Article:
Haq, who was stabbed to death at his residence in Pakistan’s northern city, was widely branded as ‘Father of the Taliban’
By Aamir Latif
Prominent religious scholar Maulana Sami-ul-Haq, who was stabbed to death at his residence in northern Rawalpindi city of Pakistan on Friday, was known for his moderate and accommodating personality despite being widely branded as the “Father of Taliban” because of having a degree of influence on the Afghan Taliban.
Born in December 1937 at Akora Khattak, a small town in northwestern Khyber Pakhtunkhawa (KP) province, Haq got his religious education from Darul Uloom Haqqania seminary, which had been founded by his father and political mentor Maulana Abdul Haq.
He studied Fiqa’h (Islamic law), Arabic literature, and Arabic grammar, Tafseer (explanation of Quran), and Hadith (sayings of Prophet Muhammad).
After the death of his father in 1988, Haq was chosen as the principal of Darul Uloom Haqqania, where several Afghan Taliban leaders, including their slain founding leader Mullah Omer, reportedly studied. For this reason, he was often referred to as the “Father of Taliban”. Haq served in that capacity till his death.
Haq, who had served as a teacher at Darul Uloom Haqqania before being chosen as principal, taught thousands of students Fiqah Tafseer, and Hadith during his teaching career spanned over five decades.
Western media often portrayed Haq as “hardliner” because of his alleged connections with the Taliban and anti-American views but it openly praised him when he supported the government’s anti-polio drive urging parents, mainly in conservative Pashtun belt to immunize their children.
His support came as a booster for the drive at a time when anti-polio workers could not enter scores of areas in the country, especially in KP province and northwestern tribal belt along the Afghan border, because of the Pakistani Taliban and the locals who considered them being part of a Western plot to sterilize Muslim children.
Despite being considered a pro-Taliban figure, Haq vehemently opposed suicide attacks on security forces and civilians in Pakistan.
According to Hamid Mir, an Islamabad-based political and security expert, Haq faced life threats for supporting the anti-polio drive, and opposing suicide attacks in the country.
Saleem Safi, an Islamabad-based expert on Afghan affairs, however, refused to acknowledge that Mullah Omer had ever been Haq’s student.
“This is just a myth. Neither Mullah Omer had ever been his student nor had he studied at Darul Uloom Haqqania. I challenge those who introduced this myth to prove that,” Safi told Anadolu Agency.
However, he said, several; Taliban and former Mujahidddin leaders had studied at Darul Uloom Haqqania from 1970s to 1990s.
“But, this does not mean they were under his influence. Yes, they respect him very much as a religious scholar and their supporter”, he maintained.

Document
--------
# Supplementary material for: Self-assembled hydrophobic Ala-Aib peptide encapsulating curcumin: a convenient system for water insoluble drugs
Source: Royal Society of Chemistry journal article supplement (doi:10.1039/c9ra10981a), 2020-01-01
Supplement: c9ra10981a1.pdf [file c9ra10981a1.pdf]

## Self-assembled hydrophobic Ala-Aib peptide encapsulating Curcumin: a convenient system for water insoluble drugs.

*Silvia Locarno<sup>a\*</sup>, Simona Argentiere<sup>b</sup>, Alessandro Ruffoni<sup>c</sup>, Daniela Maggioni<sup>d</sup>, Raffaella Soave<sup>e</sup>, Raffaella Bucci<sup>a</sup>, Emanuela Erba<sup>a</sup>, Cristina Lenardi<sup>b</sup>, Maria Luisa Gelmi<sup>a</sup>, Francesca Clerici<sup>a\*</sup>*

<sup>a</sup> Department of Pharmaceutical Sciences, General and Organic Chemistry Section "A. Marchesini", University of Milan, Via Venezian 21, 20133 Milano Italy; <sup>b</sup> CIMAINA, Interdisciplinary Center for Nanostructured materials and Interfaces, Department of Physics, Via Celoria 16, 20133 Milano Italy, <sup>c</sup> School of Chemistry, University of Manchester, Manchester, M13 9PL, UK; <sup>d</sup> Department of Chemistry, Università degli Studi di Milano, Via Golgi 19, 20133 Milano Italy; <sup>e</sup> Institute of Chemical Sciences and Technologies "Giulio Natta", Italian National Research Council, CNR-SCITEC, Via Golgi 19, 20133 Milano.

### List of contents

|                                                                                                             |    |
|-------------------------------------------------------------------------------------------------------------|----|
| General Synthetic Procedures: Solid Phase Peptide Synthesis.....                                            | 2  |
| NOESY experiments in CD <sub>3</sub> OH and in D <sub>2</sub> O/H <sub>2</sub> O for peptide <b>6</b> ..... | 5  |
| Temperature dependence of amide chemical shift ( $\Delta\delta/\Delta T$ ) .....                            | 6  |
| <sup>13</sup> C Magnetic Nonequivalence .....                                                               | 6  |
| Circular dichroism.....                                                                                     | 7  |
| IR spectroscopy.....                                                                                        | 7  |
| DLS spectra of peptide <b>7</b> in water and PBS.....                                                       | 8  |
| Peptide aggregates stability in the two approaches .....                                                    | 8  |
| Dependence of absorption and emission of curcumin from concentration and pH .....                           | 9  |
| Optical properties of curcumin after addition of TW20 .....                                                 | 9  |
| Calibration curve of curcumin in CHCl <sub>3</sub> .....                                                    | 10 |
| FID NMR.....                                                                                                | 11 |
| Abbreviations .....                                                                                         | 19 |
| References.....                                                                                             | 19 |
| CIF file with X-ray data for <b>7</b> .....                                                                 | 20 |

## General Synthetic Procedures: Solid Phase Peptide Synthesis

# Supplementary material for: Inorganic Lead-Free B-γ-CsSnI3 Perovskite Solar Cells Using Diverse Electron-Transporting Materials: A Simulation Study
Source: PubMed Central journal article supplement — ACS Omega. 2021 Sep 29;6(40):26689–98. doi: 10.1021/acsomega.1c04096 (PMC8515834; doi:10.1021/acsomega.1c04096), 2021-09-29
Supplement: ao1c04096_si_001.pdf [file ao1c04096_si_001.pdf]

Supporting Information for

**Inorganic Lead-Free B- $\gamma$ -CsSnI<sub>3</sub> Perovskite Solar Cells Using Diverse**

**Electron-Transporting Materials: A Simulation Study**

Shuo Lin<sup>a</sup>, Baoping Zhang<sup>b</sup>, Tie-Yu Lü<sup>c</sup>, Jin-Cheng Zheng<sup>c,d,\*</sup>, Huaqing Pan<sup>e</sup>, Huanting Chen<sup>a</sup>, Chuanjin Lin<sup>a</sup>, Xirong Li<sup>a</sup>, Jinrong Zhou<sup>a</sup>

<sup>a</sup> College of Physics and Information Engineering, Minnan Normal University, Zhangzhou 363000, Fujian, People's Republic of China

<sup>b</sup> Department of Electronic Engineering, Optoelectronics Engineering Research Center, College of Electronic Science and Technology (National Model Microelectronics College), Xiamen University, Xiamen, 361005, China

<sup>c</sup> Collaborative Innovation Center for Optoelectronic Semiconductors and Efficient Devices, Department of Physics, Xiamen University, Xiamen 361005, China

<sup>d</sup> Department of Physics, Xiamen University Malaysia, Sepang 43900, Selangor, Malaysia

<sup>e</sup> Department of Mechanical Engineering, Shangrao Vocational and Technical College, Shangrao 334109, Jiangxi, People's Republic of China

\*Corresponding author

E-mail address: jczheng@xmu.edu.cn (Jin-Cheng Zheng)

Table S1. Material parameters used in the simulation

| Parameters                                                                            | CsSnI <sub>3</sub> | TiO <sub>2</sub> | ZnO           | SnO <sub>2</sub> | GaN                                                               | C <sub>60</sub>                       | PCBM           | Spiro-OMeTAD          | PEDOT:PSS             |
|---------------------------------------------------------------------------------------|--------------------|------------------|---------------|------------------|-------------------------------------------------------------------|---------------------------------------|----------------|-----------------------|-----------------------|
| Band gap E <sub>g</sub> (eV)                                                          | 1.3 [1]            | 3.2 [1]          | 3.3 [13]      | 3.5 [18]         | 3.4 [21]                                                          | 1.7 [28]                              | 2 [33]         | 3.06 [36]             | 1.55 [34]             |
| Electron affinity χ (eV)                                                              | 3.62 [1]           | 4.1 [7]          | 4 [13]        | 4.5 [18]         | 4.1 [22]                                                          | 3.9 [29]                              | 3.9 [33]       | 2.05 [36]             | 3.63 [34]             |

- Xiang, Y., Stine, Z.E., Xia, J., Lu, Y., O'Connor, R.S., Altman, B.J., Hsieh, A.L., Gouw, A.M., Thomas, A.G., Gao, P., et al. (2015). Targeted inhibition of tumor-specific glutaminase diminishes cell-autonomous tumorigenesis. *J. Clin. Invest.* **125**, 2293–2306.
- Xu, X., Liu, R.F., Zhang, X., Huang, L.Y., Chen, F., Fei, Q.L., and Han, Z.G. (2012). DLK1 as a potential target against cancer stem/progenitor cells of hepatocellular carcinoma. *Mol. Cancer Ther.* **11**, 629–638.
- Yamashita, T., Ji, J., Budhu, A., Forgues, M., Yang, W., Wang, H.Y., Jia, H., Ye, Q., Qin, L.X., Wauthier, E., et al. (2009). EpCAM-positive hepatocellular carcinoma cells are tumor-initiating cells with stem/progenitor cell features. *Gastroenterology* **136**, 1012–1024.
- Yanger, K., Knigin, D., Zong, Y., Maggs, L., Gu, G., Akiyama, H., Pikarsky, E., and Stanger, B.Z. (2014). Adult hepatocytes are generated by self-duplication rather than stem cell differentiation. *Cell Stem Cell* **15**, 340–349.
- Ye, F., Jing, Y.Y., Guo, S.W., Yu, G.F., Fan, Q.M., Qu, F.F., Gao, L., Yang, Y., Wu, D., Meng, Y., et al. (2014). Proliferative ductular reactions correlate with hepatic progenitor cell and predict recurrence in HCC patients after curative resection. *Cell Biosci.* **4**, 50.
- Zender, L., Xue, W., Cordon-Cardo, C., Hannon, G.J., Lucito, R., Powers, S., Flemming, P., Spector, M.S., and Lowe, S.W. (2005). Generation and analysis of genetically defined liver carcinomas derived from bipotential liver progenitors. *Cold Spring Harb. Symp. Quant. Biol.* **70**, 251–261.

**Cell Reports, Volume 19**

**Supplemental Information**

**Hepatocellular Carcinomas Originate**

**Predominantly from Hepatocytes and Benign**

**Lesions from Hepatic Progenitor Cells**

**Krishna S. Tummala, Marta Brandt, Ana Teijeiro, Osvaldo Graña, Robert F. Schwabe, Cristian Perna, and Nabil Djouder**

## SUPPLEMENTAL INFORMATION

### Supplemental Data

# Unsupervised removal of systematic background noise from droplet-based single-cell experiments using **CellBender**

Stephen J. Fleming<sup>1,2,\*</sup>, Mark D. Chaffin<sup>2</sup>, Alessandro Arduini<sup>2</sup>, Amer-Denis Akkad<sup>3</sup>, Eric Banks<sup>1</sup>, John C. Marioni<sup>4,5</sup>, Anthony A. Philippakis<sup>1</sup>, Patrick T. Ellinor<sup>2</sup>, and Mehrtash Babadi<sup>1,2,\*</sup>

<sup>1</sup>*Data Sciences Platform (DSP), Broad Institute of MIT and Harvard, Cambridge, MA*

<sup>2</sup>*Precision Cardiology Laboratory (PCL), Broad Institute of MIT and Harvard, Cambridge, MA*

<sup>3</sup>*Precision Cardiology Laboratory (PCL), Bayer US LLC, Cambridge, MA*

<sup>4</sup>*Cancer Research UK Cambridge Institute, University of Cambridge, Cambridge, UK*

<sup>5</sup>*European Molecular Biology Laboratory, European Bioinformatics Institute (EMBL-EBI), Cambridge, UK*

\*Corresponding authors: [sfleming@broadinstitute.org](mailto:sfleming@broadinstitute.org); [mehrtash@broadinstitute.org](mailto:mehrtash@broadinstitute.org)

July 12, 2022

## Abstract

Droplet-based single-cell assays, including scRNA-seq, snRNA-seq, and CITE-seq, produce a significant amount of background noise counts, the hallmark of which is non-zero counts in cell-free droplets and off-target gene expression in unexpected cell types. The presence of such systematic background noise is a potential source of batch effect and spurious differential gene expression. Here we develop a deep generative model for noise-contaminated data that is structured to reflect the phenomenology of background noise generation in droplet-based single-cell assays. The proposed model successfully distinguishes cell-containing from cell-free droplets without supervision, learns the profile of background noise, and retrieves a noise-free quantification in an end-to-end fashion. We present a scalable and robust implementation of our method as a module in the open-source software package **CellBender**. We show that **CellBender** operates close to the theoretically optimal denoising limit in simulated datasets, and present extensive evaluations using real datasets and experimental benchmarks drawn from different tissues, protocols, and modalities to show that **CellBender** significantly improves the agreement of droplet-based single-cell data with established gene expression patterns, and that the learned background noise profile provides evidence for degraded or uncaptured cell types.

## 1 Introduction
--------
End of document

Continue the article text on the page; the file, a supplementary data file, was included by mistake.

Afghan Taliban in a statement on Saturday pronounced Haq’s “martyrdom” a great loss for the “entire Muslim Ummah and specifically for the Muslim nation of Pakistan.”
A seven-member delegation of the Afghan High Peace Council headed by Maulvi Attaullah Lodin met different Pakistani religious scholars including Haq in Islamabad last month and sought his help in restoring peace to the country.
“We assured the Afghan delegation that we are ready to play a role in bringing peace to Afghanistan,” Haq had told Anadolu Agency.
Apart from religious activities, Haq played an active role in the country’s politics.
He started his political journey from the platform of Jamiat Ulema-e-Islam (JUI) — the country’s one of the two mainstream religious parties — in late 1970s.
The party, which represents the Deobandi school of thought in Pakistan, was split into two factions in 1985, propelling Haq to join the rival faction of Maulana Fazl-ur-Rehman, a leading political figure and a former opposition leader in the National Assembly.
Haq later became head of his own JUI faction in early 1990s. He was founding member and part of several religious and political alliances, including Pak-Afghan Defense Council — a conglomerate of different political and religious parties — against the U.S invasion of Afghanistan in 2002.
Also, he was a founding member of the six-party religious alliance — Muttahida Majlis-e-Amal — which swept the elections in KP province and other parts of the country in 2002. Haq later parted his ways with the alliance due to his differences with Maulana Fazl-ur-Rehman, who was a student of his father at Darul Uloom Haqqania.
He was member of the Senate from 1985 to 1991 and again from 1991 to 1997.
In the July general election, he aligned with the ruling Pakistan Tehreek-e-Insaf party.
For quite some time, he remained away from active politics mainly because of inexorable advance of age, and multiple diseases.
He contested his last senate elections in 2016 from KP with the PTI’s support but he suffered a defeat.
“He was very accommodating. He not only remained part of religious alliances but also an ally of conventional political parties like Pakistan Muslim League (Nawaz) and PTI,” Safi observed.
“Another interesting part of his personality was that he appeared to be a hardliner about his ideology but practically he was very moderate and accommodating, and always stood alongside the state,” he maintained.